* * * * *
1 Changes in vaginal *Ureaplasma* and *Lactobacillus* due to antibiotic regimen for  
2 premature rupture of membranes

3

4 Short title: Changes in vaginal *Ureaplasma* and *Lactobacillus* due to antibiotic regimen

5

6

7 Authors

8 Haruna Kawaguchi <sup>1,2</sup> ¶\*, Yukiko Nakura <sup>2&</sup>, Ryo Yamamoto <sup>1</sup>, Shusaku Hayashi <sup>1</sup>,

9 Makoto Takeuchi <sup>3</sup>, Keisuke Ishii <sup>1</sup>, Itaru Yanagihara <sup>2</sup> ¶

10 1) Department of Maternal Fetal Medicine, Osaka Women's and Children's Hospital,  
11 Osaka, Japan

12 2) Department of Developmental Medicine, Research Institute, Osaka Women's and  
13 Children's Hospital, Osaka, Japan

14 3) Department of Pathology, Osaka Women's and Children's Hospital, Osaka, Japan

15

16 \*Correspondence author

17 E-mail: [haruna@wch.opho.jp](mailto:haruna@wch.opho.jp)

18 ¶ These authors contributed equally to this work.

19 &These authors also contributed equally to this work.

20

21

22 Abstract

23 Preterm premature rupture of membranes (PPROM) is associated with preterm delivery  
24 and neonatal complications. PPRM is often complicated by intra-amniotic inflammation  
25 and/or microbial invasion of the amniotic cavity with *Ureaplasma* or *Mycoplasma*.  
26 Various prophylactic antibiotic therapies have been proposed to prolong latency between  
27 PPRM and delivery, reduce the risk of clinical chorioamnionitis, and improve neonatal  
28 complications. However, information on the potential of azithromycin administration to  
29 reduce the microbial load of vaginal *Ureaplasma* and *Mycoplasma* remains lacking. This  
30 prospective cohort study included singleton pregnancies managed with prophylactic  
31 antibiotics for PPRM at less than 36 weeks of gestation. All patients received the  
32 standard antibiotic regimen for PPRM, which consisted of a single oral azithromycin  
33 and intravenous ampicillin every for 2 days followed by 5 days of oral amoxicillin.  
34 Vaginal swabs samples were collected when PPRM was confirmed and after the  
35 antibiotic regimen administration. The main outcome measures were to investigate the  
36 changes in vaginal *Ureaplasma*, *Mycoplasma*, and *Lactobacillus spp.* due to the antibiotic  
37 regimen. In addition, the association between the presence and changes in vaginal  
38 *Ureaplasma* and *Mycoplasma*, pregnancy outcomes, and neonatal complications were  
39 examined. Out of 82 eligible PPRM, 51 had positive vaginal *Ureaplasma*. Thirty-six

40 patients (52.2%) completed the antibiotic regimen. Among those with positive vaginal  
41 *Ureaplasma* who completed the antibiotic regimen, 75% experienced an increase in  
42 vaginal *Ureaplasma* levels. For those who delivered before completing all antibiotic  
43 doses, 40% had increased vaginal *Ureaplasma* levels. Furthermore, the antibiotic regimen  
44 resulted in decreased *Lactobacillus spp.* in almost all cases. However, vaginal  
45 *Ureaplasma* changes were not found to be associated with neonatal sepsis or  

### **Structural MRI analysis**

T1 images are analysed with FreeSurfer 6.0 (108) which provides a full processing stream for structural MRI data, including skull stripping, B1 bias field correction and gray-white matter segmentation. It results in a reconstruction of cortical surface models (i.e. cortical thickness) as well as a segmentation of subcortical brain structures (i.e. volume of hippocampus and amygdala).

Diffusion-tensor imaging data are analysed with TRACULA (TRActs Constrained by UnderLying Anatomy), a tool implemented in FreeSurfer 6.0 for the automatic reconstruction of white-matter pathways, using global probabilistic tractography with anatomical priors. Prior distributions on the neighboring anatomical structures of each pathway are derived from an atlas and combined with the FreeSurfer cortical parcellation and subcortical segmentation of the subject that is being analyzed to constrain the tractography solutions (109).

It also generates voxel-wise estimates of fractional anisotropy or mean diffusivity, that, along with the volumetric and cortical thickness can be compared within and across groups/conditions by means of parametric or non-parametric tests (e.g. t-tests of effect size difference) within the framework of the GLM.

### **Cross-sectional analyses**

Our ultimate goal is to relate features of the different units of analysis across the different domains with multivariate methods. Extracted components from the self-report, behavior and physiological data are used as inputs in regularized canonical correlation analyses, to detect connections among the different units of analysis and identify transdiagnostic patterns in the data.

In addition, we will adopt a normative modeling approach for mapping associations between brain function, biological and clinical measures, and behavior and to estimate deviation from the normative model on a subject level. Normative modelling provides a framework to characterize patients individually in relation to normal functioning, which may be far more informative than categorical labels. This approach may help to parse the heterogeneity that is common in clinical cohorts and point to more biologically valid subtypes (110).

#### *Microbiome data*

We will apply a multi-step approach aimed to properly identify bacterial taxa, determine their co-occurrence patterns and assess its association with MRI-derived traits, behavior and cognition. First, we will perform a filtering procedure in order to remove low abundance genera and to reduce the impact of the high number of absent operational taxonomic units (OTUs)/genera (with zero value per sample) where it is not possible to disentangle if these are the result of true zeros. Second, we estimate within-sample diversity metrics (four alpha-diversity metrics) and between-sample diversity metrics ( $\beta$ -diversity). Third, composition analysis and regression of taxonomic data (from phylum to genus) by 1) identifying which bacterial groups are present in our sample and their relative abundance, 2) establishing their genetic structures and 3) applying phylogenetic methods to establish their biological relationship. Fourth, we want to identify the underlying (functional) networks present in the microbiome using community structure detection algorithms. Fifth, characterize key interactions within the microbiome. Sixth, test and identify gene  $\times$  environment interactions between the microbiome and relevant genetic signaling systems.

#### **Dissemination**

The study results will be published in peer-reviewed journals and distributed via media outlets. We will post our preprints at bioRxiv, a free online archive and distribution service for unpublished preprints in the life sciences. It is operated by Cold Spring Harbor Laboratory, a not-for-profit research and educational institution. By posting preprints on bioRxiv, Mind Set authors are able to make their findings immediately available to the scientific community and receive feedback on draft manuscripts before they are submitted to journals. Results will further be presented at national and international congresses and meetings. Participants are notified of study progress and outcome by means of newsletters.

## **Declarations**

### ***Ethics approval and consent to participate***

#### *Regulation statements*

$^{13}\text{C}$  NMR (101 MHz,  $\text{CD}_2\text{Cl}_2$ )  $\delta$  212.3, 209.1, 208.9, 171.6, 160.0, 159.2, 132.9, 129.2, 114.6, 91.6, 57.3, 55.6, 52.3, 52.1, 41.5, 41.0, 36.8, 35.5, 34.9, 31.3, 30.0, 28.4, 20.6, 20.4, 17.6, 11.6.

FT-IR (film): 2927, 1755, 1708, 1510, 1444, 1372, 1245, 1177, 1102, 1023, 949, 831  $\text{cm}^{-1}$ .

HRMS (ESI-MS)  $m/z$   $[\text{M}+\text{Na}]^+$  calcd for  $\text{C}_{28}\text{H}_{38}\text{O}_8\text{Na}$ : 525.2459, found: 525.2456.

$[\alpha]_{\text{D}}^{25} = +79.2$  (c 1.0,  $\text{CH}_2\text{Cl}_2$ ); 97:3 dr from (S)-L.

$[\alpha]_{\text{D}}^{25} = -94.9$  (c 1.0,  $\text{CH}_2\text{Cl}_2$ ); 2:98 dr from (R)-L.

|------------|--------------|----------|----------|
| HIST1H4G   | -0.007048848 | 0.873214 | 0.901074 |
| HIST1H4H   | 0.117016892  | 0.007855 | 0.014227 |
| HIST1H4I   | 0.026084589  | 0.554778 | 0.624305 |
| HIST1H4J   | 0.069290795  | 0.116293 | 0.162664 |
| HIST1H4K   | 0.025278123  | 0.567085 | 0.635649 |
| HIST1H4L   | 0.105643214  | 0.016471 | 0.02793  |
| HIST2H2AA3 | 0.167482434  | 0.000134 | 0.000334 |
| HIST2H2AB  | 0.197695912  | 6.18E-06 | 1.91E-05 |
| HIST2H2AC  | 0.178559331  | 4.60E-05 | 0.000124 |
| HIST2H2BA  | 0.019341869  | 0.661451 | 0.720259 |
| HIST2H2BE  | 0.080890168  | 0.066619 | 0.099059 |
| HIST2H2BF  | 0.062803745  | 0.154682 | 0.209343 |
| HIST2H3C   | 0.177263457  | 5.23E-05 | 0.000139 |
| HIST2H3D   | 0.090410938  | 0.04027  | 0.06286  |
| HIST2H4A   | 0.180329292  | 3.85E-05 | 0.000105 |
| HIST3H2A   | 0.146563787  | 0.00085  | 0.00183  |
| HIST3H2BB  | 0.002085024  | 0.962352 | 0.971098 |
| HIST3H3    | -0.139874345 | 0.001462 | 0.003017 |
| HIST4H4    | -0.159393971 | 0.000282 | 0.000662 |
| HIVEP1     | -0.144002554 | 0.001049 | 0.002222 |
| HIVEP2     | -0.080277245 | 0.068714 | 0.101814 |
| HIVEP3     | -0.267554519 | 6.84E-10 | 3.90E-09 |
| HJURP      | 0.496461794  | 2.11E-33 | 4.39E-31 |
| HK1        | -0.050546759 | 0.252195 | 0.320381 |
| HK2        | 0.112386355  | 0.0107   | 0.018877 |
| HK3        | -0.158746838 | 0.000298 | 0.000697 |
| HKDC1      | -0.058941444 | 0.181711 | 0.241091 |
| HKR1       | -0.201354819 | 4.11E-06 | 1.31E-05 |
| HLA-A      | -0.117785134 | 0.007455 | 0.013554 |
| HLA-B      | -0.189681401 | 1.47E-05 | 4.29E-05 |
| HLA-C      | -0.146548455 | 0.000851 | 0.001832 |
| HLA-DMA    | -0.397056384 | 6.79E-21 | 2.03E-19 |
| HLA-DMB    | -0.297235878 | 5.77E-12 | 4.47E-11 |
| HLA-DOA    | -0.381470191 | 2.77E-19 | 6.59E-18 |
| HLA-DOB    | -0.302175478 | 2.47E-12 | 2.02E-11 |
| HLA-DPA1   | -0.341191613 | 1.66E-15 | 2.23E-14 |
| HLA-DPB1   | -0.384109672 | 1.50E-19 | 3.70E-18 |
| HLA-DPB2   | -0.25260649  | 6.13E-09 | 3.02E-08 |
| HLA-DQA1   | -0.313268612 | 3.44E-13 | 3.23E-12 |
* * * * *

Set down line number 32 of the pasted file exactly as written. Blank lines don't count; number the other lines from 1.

32 standard antibiotic regimen for PPRM, which consisted of a single oral azithromycin  